New Risks for Cook County Residential Landlords
Cook County residential landlords, property managers and real estate brokers now have a new “protected class” to be aware of with regard to housing discrimination claims. On April 24, 2019, the Cook County Board of Commissioners amended the Cook County Human Rights Ordinance such that (1) it prohibits housing providers (and their agents) from inquiring about a residential housing applicant’s criminal history until after the applicant has otherwise been approved, (2) it prohibits discrimination in residential real estate transactions based on factors such as arrest records, citations and sealed or expunged records, and juvenile convictions, and (3) prior to denying applicants based on a conviction, it requires housing providers to consider individualized factors, such as rehabilitation, length of time since conviction, and the nature and severity of the crime. The ordinance is intended to improve housing opportunities for individuals with criminal records. These changes go into effect at the end of October, six months after passage of the ordinance.
To comply with the ordinance, Cook County residential housing providers (including sublandlords), will need to change how they qualify and approve rental applications. At the application stage, providers cannot inquire about “covered criminal history,” which is defined as information regarding an individual’s arrest, charge or citation for an offense, participation in a diversion or deferral of judgment program, a record of an offense that has been sealed, expunged, or pardoned, a juvenile record, or a conviction. Thus, obtaining a criminal background check at the same time as a credit or eviction check, or requesting criminal history information on an initial application form, will be unlawful under the ordinance. If the housing provider intends to evaluate an applicant’s criminal history, the housing provider must first determine whether the applicant is qualified for the rental housing under all other metrics, such as credit and eviction history. Only after the applicant meets the housing provider’s application criteria may the housing provider request criminal history information from the applicant or obtain a criminal background report.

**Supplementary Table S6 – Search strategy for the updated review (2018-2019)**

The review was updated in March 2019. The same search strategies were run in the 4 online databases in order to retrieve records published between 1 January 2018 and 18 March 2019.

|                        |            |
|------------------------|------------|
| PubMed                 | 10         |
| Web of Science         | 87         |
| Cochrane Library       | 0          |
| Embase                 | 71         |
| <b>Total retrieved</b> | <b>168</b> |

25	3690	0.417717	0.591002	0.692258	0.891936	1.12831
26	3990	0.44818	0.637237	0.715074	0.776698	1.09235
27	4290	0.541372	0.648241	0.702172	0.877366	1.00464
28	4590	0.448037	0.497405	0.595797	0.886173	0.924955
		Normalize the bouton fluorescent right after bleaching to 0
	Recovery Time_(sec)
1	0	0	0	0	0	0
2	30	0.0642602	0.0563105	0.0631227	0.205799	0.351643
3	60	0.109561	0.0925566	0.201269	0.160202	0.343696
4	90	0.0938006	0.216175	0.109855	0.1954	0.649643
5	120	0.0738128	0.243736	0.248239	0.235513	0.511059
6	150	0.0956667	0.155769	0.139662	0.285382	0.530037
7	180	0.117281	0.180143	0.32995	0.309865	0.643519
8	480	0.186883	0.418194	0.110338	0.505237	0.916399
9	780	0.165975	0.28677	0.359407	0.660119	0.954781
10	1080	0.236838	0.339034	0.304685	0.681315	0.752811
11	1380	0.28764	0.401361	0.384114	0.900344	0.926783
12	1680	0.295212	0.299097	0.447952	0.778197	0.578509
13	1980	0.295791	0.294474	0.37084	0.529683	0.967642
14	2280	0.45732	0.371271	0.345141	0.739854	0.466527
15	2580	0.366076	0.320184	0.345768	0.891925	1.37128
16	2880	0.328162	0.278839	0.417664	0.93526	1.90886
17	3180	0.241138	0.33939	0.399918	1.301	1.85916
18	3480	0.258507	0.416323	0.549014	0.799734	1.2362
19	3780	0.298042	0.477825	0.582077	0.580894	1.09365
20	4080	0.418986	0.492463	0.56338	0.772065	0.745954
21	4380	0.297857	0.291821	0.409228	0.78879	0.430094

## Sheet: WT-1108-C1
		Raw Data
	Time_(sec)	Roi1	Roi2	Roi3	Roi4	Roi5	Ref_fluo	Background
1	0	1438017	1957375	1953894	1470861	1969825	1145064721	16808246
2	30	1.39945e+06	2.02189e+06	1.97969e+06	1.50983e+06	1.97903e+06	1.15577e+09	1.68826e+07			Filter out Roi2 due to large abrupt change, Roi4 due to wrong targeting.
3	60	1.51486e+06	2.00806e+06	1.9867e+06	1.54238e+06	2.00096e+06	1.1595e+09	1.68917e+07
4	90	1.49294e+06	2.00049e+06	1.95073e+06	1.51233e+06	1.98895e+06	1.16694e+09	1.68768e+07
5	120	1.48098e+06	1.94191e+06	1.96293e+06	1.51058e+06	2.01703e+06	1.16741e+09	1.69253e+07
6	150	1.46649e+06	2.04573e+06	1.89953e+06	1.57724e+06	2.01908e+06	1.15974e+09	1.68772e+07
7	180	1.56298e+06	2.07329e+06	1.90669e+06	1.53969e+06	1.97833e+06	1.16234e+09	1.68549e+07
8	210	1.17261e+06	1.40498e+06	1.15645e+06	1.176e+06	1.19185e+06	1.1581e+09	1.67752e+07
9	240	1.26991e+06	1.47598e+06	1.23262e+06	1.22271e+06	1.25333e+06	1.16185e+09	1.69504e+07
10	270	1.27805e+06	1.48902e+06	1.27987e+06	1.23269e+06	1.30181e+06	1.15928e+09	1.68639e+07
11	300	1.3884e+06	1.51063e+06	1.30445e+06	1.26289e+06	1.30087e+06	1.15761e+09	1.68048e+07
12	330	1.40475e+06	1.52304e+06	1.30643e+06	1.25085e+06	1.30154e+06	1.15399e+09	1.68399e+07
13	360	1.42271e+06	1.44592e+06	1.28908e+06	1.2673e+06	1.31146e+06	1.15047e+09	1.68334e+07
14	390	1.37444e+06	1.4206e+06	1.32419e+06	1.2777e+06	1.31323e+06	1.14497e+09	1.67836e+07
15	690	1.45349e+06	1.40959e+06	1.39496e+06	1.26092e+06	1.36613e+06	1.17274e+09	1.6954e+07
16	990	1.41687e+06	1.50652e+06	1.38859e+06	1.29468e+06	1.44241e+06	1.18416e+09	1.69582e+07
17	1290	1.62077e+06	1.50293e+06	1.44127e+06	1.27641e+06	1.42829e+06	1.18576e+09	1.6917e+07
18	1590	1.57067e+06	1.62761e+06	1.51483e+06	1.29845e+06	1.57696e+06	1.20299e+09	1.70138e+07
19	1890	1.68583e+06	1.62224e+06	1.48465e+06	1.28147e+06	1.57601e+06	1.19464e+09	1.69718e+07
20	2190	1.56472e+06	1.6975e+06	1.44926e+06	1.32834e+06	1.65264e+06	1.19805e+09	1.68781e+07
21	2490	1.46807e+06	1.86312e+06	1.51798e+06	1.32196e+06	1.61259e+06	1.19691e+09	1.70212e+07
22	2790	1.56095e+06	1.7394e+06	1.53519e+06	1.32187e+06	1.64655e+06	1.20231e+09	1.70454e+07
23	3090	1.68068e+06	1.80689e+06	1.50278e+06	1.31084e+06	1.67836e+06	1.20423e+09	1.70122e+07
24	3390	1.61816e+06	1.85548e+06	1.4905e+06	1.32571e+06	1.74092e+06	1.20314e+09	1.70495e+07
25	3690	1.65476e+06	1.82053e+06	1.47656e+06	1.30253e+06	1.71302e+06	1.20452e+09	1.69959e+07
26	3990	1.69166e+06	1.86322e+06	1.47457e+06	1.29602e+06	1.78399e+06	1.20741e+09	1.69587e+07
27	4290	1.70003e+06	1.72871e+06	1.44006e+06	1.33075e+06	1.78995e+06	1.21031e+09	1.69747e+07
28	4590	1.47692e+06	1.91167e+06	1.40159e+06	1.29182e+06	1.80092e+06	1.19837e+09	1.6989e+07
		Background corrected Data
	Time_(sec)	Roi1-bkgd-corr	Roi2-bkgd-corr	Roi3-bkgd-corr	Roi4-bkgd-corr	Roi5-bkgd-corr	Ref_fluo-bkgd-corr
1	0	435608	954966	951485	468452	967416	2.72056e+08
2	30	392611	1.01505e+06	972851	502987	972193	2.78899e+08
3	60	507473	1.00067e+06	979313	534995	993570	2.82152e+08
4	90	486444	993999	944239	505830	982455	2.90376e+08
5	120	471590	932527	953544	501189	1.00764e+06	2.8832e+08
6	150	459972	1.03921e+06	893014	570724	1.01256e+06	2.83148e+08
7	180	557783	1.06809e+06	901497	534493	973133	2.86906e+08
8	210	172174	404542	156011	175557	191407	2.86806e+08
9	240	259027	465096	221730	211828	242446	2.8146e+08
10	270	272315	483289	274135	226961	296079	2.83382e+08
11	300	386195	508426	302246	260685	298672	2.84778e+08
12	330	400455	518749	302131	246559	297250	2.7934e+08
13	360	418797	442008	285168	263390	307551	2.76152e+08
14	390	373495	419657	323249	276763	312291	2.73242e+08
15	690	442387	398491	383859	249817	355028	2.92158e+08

With limited exceptions, the ordinance provides that it is unlawful to deny a rental housing application based on covered criminal history. The ordinance allows housing providers to deny applicants who are currently registered as sex offenders or currently have a child sex offender residency restriction. The ordinance also permits housing denials based on a criminal conviction (excluding juvenile convictions) where the housing provider has conducted a multi-factor individualized assessment showing the conviction-based denial was necessary to protect against a demonstrable risk to the personal safety or the property of others. The individualized assessment must consider the nature, severity and recency of the conviction, the nature of the sentencing, the number of convictions, the length of time that has passed following the most recent conviction, age at the time of conviction and evidence of rehabilitation. The Cook County Human Rights Commission is tasked with developing regulations covering the individualized assessment procedure, which have not yet been promulgated. However, the ordinance will be enforceable whether or not such regulations have been promulgated.
If, after reviewing the criminal history and performing the individualized assessment, the housing provider decides to deny the application, they must give the applicant notice and an opportunity to dispute the accuracy and relevance of the conviction, including providing a copy of the tenant selection criteria used, a copy of the criminal background report relied upon, and a written statement containing the reasons for denial. The housing provider must also maintain, in confidence, the criminal history information obtained about the applicant.
Housing providers will now face difficult decisions when balancing the safety and security of their existing tenants, and the risk of potential discrimination claims from individuals with criminal convictions. The ordinance provides individuals with a private right of action against the housing provider for violations. Violators face lengthy investigations, court or administrative proceedings, penalties including fines up to $500 per day, and a successful plaintiff may recover damages plus attorneys’ fees. The ordinance currently gives housing providers no protection against claims from (a) existing tenants for omitting criminal background checks from the application process or (b) approving applicants with convictions. Housing providers, particularly in multi-family properties, should proceed with caution, and use diligence when qualifying tenants and thoroughly document their processes and procedures to help avoid discrimination claims and claims from tenants who may be harmed by an approved applicant with a criminal history.
For more information, please contact Brad Ader at 312/840-7137 or email@example.com.